‘The Autumnlands: Tooth & Claw Volume 1’ - TPB Review

Welcome to The Autumnlands: Tooth and Claw, a world of magic and majesty, where every dog has his day, as well as giraffes and goats and frogs and . . .

Kurt Busiek and Benjamin Dewey have collaborated to bring us a rich, interesting world in their first collection of the Autumnlands series.  I've actually been reading this issue by issue, and I'm very excited to see the first volume collected, because this is a series that has a lot of great stuff going on and promises much, much more.  It's a series based on high fantasy of the first order, and it hits every height that it aspires to.

The story is a familiar one, but no less exciting for it: Magic is fading.  This world is more dependent on it than most, though, as the upper races literally live among the clouds in great, floating cities far above the beastly races that toil for them on the ground below.  The sorcerers need to find a solution, and a heretical leader brings hope laced with devastation.  So, the first chapter is a long forward establishing the world and whetting our appetites for the Great Champion, the being responsible for birthing Magic itself into the world, who they try to bring to the present in order to save it.  There's no denying the obvious nature of the Champion, with many animal races each claiming him to their own, but it helps cover the real surprise of what he is.  Seriously, you will love him; the curveball he represents gives a fresh and really fun take on the idea of a "hero out of time" that perfectly balances the films Masters of the Universe with A Connecticut Yankee in King Arthur's Court. Each issue (now chapter) begins with a prose-laden block in the tradition of The Wheel of Time that helps build the larger world and really helps to sell a massive living universe to play in.  Busiek has a fantastic handle on the fantastic and has layered a unique and engaging story on familiar themes that create something well worth reading.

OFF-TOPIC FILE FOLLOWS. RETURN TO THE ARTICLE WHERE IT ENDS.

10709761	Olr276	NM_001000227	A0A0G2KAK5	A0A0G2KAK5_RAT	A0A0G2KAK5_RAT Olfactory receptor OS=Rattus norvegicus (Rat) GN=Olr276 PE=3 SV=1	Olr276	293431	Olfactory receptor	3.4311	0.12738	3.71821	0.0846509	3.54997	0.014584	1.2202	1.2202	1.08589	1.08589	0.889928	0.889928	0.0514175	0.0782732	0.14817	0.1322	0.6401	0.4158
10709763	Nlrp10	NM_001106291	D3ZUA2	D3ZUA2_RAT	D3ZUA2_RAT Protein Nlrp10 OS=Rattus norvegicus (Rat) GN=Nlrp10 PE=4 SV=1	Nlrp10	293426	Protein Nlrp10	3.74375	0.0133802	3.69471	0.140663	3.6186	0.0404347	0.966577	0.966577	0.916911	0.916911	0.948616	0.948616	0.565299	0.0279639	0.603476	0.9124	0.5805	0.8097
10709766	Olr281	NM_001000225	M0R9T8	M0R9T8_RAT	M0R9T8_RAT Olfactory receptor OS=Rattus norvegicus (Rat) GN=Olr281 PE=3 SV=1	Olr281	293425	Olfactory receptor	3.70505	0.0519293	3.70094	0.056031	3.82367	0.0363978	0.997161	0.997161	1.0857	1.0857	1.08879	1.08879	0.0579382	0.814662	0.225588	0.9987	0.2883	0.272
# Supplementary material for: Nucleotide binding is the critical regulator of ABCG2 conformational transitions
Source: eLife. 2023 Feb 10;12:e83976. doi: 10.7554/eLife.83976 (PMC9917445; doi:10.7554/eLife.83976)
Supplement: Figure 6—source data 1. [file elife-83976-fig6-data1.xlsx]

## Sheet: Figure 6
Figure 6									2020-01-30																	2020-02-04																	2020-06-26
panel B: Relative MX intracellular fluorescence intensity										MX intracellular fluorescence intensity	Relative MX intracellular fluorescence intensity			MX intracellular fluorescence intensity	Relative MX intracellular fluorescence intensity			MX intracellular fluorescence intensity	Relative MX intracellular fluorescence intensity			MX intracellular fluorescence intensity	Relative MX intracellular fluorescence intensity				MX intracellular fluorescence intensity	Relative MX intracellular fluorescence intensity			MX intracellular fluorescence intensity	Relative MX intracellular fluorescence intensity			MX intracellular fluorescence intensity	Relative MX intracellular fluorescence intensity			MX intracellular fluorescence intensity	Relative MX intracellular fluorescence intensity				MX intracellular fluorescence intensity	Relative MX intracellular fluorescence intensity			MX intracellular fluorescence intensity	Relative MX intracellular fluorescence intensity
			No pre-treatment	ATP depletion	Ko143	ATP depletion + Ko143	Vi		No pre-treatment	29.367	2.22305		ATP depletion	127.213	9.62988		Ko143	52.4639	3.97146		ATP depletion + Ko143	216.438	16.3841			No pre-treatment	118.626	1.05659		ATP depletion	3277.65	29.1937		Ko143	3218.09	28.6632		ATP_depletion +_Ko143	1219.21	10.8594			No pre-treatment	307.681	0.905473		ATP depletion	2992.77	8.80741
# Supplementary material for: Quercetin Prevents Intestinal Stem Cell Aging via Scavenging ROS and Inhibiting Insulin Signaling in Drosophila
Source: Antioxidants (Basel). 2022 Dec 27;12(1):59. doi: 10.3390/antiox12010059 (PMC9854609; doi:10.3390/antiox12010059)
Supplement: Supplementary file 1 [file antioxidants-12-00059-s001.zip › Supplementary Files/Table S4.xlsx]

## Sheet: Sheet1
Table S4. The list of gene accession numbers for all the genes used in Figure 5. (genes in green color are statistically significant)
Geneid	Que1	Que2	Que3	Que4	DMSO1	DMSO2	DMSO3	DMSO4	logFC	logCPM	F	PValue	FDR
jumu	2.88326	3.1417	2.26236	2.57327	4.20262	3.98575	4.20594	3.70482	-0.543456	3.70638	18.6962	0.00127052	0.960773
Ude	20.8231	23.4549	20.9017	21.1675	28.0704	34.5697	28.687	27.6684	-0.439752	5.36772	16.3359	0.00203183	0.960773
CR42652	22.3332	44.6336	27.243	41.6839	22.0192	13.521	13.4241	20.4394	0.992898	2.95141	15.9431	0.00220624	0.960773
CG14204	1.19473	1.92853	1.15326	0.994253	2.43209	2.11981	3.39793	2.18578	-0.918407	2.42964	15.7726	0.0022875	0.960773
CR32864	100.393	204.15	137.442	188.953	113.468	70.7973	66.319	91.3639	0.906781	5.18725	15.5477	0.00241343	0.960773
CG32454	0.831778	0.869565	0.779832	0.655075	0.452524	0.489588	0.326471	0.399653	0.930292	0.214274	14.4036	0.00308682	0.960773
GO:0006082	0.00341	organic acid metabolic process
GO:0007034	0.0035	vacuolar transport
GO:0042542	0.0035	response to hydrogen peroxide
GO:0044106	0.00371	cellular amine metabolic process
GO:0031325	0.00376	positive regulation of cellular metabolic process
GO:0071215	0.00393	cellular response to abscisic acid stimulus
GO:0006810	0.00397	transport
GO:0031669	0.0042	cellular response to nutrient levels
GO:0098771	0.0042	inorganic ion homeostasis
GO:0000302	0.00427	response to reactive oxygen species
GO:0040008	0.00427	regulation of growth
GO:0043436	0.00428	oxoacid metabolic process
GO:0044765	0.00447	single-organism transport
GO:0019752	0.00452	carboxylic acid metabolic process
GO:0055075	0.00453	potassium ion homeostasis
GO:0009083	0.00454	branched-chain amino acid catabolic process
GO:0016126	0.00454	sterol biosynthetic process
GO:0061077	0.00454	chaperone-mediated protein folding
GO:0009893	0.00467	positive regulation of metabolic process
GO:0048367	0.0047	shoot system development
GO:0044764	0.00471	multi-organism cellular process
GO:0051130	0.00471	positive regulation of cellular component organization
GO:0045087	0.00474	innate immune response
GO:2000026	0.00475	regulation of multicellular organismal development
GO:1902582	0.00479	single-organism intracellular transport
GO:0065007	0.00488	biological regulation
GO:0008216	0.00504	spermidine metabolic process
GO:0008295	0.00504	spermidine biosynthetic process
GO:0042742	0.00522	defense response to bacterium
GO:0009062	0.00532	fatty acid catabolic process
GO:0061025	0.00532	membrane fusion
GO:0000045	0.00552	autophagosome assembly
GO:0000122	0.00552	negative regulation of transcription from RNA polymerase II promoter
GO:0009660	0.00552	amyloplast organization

I love the artwork on this series; Benjamin Dewey creates lush and wondrous vistas that he's more than willing to splatter with blood and destruction.  He finds a great balance in the action, letting the world exist organically while highlighting the difference brought about by the big story element in the second chapter.  The selling point of the Champion is brought home by his skill and makes every moment he's on the page a pure joy to see.  There's no mistaking when s--t is about to go down, and the combat is glorious as it is . . . well, gooey.

Anyone who enjoys high fantasy turned on its head will get a real kick out of this collection and out of the series itself.  There are not a lot of creators who set this high a bar for their work, and the number who manage to consistently hit it is even smaller.  This is a great big journey for anyone wanting to take it, and it's a helluva ride.


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Last modified on Monday, 31 December 2018 21:14

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